When stalking and harassment takes a severe emotional toll and you feel you are being retraumatized, unable to move forward in your journey to healing, it may be time to consider taking legal action (if, and only if, you feel safe doing so) whether by reporting the harassment to the police and/or filing for an order of protection or restraining order.
Some survivors may not feel comfortable with this, as it has the potential of making their abusers even more vindictive and it may be even more traumatizing should the case proceed to court. Others may feel empowered by receiving legal documentation that will often make more cowardly narcissists back out of their schemes as soon as they realize they may face legal consequences for their actions.
Research the laws in your state about how to best protect yourself, understand which laws support you in documenting and recording the various forms of abuse and remember to also consult the National Domestic Violence Hotline if you have any questions about how to proceed in your specific situation.
Whatever you decide to do, make sure you’re taking some steps to document the harassment and stalking in case you ever need proof of it. Let those you trust know about what is occurring as well as your whereabouts. At this time, for your own safety, you need to be able to seek support and ‘check in’ with those who can help you – whether it be with a trusted friend, family member, therapist or all of the above.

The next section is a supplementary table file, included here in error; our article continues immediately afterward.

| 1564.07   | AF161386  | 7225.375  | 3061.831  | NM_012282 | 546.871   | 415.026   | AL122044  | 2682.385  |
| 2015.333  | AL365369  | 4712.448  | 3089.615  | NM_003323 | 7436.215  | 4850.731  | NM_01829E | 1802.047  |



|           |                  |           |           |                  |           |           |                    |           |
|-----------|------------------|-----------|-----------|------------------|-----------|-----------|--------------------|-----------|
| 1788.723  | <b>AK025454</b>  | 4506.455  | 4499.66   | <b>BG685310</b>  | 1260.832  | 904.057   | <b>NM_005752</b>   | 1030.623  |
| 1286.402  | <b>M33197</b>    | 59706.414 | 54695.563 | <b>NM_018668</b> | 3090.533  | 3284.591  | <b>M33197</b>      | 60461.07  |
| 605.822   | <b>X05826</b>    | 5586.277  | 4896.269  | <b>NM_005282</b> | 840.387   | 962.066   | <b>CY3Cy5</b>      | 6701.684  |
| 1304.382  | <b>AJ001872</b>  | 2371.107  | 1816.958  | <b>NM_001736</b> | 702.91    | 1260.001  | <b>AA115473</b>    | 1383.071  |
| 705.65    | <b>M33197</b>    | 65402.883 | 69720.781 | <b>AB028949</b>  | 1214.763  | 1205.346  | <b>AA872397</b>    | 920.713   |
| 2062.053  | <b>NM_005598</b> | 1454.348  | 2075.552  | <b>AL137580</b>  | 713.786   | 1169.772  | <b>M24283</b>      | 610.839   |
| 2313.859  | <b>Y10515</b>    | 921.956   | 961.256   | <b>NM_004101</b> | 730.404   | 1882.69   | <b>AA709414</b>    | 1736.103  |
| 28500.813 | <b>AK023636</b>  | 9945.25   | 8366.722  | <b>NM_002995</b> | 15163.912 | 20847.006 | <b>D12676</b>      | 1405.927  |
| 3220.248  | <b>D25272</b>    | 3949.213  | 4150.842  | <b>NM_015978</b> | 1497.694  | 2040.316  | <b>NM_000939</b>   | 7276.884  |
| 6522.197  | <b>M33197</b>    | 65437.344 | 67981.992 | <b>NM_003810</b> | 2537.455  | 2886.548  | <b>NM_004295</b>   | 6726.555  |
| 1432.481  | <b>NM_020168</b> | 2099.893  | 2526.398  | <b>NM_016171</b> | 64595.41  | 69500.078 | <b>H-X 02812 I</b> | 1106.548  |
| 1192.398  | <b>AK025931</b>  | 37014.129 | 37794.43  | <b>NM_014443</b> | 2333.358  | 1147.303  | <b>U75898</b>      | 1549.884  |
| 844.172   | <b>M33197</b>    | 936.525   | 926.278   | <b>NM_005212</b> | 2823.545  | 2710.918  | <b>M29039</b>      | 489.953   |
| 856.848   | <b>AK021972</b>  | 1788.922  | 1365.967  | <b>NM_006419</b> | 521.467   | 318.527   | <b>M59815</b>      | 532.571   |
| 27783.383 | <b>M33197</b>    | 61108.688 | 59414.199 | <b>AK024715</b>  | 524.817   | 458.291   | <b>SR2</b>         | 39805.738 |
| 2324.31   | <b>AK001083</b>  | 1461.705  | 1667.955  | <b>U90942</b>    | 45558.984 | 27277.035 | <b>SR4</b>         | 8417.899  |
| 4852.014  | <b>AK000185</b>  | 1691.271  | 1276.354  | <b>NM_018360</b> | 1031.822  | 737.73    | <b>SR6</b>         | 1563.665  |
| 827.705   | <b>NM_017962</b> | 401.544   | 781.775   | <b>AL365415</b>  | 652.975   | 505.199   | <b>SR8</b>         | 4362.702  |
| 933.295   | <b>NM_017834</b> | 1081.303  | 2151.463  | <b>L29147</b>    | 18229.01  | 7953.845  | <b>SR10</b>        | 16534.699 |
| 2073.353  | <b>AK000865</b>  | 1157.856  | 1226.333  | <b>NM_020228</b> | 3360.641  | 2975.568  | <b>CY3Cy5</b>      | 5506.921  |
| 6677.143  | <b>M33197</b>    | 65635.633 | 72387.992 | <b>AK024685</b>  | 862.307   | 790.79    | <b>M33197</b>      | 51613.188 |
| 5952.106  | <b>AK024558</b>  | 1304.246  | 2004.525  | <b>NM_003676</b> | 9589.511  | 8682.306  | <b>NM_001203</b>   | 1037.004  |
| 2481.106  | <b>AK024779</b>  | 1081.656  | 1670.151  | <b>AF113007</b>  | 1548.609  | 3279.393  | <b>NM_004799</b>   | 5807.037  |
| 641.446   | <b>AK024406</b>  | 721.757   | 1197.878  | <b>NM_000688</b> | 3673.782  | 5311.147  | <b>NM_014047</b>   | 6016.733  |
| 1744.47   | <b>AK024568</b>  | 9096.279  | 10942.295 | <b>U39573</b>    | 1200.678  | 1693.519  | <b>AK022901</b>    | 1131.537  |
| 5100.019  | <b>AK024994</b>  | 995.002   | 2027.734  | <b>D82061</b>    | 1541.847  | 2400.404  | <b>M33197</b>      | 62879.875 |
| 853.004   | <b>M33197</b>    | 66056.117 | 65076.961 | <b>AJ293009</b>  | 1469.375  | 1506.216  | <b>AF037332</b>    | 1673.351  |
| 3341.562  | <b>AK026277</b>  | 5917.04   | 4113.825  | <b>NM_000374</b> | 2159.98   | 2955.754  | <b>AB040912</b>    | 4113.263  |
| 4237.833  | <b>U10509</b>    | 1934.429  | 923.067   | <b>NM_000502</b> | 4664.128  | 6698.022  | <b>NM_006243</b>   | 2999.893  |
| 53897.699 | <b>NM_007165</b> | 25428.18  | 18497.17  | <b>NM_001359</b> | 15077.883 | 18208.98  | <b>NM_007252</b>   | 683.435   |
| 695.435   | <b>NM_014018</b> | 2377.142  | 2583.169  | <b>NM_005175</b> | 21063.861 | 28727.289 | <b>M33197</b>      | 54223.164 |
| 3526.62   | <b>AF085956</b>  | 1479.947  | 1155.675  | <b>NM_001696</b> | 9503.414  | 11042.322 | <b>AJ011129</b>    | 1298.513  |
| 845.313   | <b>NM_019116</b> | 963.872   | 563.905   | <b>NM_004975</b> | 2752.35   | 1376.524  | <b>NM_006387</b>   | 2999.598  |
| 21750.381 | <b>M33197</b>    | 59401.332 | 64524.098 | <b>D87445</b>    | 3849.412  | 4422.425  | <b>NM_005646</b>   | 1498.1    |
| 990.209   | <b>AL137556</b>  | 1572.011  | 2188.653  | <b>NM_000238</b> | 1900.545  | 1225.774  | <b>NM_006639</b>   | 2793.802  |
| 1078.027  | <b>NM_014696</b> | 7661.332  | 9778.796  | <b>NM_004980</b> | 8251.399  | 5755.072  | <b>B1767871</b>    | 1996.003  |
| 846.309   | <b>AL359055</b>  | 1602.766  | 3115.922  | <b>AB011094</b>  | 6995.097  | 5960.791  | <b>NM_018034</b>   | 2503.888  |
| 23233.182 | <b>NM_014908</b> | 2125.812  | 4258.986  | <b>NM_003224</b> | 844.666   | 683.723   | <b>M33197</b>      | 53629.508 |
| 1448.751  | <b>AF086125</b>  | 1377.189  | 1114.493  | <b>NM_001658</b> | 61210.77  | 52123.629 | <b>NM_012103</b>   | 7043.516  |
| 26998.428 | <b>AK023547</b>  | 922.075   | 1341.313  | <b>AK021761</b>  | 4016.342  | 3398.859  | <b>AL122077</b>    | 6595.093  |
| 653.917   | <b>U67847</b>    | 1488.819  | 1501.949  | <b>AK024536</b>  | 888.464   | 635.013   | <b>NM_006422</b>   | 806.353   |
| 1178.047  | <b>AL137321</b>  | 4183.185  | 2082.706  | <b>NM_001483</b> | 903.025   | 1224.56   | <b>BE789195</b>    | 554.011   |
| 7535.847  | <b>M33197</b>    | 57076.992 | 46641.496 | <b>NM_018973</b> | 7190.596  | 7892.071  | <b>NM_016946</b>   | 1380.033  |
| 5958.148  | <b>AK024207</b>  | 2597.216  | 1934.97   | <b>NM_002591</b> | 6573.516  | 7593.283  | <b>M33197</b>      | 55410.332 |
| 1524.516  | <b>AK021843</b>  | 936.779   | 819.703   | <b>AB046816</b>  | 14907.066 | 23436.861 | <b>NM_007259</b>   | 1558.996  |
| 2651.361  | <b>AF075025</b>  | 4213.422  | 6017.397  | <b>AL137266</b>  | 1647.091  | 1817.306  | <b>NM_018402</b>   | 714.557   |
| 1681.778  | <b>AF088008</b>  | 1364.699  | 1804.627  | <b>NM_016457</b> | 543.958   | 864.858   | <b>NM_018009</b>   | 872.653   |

Never forget: the time when an abuse victim is leaving an abusive relationship can be one of the most dangerous points in the abuse cycle. Please take care of yourself and do what you feel is most emotionally and physically safe as well as practical for you. Don’t discount your intuition, either – it can save your life.
2. Devaluation and Jekyll and Hyde hoovering.